Date:4 November 2016
Snap this self-healing batteries clean in half and like a healing wound it will pull itself back together. Within seconds the battery resumes its delivery of electric current. No harm done.
By William Herkewitz
This fascinating new method to craft autonomously self-healing electronics comes courtesy of a team of engineers led by Amay Bandodkar at the University of California, San Diego. By dispersing micro-sized magnetic particles into conductive materials like graphite, gold, and silver, Bandodkar’s team has developed a suite of electronics that will magnetically heal after a snap or fracture. Bandodkar’s team unveiled their electronics today in the journal Science Advances.
“It’s actually a pretty simple concept,” Bandodkar says. “This started when we asked ourselves, how can we simply implement a self-healing feature into existing electronics without without making them unnecessarily complicated or expensive? This was our solution.”
Bandodkar’s team manufactured and tested several self-healing batteries, sensors, and circuits. The success of all of these devices lies in the recipe for the conductive graphite material used to make them. It’s a simple three-part formula. Bandodkar’s team mixed normal graphite, a inexpensive binding agent, and small magnetic particles made out of “cheap neodymium magnets, the kind you can buy at the supermarket,” he says.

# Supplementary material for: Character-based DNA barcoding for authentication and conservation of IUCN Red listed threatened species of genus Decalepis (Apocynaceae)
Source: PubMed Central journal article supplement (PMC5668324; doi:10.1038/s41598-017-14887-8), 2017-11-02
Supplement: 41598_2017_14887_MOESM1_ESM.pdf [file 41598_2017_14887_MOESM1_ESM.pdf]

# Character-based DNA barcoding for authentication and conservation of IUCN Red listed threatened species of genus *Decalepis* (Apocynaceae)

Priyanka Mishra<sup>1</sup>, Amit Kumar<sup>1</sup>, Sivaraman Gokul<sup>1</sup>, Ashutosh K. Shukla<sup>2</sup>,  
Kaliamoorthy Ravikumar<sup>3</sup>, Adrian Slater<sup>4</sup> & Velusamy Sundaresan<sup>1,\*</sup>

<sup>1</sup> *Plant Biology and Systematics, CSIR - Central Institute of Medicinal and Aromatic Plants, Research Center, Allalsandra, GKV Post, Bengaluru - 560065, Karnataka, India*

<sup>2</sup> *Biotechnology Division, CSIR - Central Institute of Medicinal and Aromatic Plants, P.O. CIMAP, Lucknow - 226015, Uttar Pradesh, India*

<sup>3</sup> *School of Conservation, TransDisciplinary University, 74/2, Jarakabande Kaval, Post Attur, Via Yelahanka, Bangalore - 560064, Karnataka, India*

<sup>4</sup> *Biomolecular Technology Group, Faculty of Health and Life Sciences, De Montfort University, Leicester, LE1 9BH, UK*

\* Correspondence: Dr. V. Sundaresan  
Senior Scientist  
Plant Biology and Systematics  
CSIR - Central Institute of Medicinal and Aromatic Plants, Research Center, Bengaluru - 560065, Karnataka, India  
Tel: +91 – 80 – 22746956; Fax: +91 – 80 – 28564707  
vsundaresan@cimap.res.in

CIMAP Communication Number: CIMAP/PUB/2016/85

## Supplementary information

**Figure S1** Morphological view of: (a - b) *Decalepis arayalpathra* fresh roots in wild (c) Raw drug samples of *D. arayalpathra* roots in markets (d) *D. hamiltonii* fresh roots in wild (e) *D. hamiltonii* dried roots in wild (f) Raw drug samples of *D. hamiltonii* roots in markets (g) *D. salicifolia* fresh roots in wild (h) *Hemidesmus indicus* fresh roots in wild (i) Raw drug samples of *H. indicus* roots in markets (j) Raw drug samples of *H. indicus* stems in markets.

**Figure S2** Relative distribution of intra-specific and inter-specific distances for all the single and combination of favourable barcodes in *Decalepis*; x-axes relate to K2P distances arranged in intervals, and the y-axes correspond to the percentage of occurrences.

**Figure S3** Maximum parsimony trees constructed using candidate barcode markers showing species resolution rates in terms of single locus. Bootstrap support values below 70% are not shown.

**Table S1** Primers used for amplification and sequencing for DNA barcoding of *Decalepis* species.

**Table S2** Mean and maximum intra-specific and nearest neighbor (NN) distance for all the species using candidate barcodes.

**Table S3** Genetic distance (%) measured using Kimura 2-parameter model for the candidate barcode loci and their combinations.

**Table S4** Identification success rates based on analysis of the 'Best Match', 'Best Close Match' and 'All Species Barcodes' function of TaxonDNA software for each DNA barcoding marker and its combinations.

The engineers printed simple electronics with this magnetic mixture. The printing part is not exactly a new advancement, explains Bandodkar. “Printed electronics is already a multi-billion dollar industry, and is growing exponentially,” he says. The key finishing touch was to subject the printed electronic component to a strong electromagnetic field. This process ensured that all the microscopic magnetic particles would align in one direction so they would snap back together in their original orientation once broken.
“One allure of printed electronics is that they’re so cheap,” he says, and the inclusion of the small magnetic particles makes the process only marginally more expensive—”which is great because there’d be no point of making a self-healing system if it was very expensive.”
Although Bandodkar’s simple electronic components self-heal, afterward you can still see where the crack was. In one test, for example, the engineers used scissors to cut through a wearable circuit powering an LED light on a T-shirt sleeve. While the circuit healed, re-powering the LED light, you could see the electronic scar on the graphite circuit.
While Bandodkar’s self-healing breakthrough is cheap and remarkably simple, there is one potential downside. The inclusion of magnetic particles makes Bandodkar’s electronics, well, magnetic. And as anyone who’s ever put a refrigerator magnet on a hard drive knows… that’s not always a good thing for electronic systems.
“We’ve thought about this problem. One way to solve it is by adding layers of electromagnetic shielding materials to whatever you’re building.” We’ll have to see if they figure out a way to do that without adding a ton of cost or weight.
Video credit: Popular Mechanics USA